Friday, April 27, 2012

Can a standard DC power supply be used as a current source?

The quick answer to this question is, yes, most standard DC power supplies can be used as current sources. However, this question deserves more attention, so what follows is the longer answer.

Most DC power supplies can operate in constant voltage (CV) or constant current (CC) mode. CV mode means the power supply is regulating the output voltage and the output current is determined by the load connected across the output terminals. CC mode means the power supply is regulating the output current and the output voltage is determined by the load connected across the output terminals. When operating in CC mode, the power supply is acting like a current source. So any power supply that can operate in CC mode can be used as a current source (click here for more info about CV/CC operation).

Is a standard power supply a good current source?
An ideal current source would have infinite output impedance (an ideal voltage source would have zero output impedance). No power supply has infinite output impedance (or zero output impedance) regardless of the mode in which it is operating. In fact, most power supply designs are optimized for CV mode since most power supply applications require a constant voltage. The optimization includes putting an output capacitor across the output terminals of the power supply to help lower output voltage noise and also to lower the output impedance with frequency. So the effectiveness of a standard power supply as a current source will depend on your needs with frequency.

At DC, a power supply in CC mode does make a good current source. Typical CC load regulation specifications support this notion (click here for more info about load regulation). For example, an Agilent N6752A power supply (maximum ratings of 50 V, 10 A, 100 W) has a CC load regulation specification of 2 mA. This means that the output current will change by less than 2 mA for any load voltage change. So when operating in CC mode, a 50 V output load change will produce a current change of less than 2 mA. If we take the delta V over worst case delta I, we have 50 V / 2 mA = 25 kΩ. This means that the DC output impedance will always be 25 kΩ or more for this power supply. In fact, the current will likely change much less than 2 mA with a 50 V load change making the DC output impedance in CC mode much greater than 25 kΩ.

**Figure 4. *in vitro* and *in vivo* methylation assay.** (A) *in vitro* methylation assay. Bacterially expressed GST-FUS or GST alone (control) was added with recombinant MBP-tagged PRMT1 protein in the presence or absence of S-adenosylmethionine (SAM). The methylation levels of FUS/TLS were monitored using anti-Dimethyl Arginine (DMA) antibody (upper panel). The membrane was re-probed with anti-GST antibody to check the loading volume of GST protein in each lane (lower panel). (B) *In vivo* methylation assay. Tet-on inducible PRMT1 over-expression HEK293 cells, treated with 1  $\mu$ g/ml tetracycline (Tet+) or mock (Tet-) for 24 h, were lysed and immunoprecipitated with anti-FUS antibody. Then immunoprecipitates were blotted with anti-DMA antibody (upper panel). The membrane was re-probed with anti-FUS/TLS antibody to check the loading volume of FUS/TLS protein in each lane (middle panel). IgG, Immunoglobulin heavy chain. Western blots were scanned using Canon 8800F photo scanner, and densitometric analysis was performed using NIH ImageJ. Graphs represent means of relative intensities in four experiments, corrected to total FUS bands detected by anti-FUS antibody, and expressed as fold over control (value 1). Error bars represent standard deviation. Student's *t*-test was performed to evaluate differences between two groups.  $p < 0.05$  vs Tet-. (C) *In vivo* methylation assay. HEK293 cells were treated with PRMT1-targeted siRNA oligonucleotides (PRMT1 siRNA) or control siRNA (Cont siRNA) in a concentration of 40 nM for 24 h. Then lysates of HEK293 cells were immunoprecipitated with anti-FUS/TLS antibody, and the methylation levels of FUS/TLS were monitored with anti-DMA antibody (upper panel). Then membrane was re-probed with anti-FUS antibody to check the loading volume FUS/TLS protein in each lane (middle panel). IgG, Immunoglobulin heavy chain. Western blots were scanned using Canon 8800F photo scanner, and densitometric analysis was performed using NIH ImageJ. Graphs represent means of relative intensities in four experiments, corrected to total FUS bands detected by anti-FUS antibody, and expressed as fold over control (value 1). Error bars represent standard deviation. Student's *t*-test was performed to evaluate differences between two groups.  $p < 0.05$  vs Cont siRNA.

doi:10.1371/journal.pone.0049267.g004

Of course, a power supply’s effectiveness as a current source should be judged by the output impedance beyond the DC impedance. See the figure below for a graph of the N6752A CC output impedance with frequency:
If the graph continued in the low frequency direction, the output impedance would continue to rise as a “good” current source should. At higher frequencies, the CC loop gain inside the product begins to fall. As the loop gain moves through unity and beyond, the output capacitor in the supply dominates the behavior of the output impedance, so at high frequencies, the output impedance is lower. So how good the power supply is as a current source depends on your needs with frequency. The higher the output impedance, the better the current source. The output impedance also correlates to the CC transient response (and to a much lesser extent, the output programming response time).

The bottom line here is that in most applications, a standard DC power supply can be used in CC mode as a current source.

Thursday, April 19, 2012

Experiences with Power Supply Common Mode Noise Current Measurements

I wrote an earlier posting “DC Power Supply Common Mode Noise Current Considerations” (click here to review) as common mode noise current can be an issue in electronic test applications we face. This is not so much of an issue with all-linear based power supply designs as it can be for ones incorporating switching based topologies. High performance DC power supplies designed for test applications should have relatively low common mode current by design. I thought this would be a good opportunity to get some more first-hand experience validating common mode noise current. The exercise proved to be a bit of an eye-opener. I tried different approaches and, no surprise; I got back seemingly conflicting results. Murphy was busy working overtime here!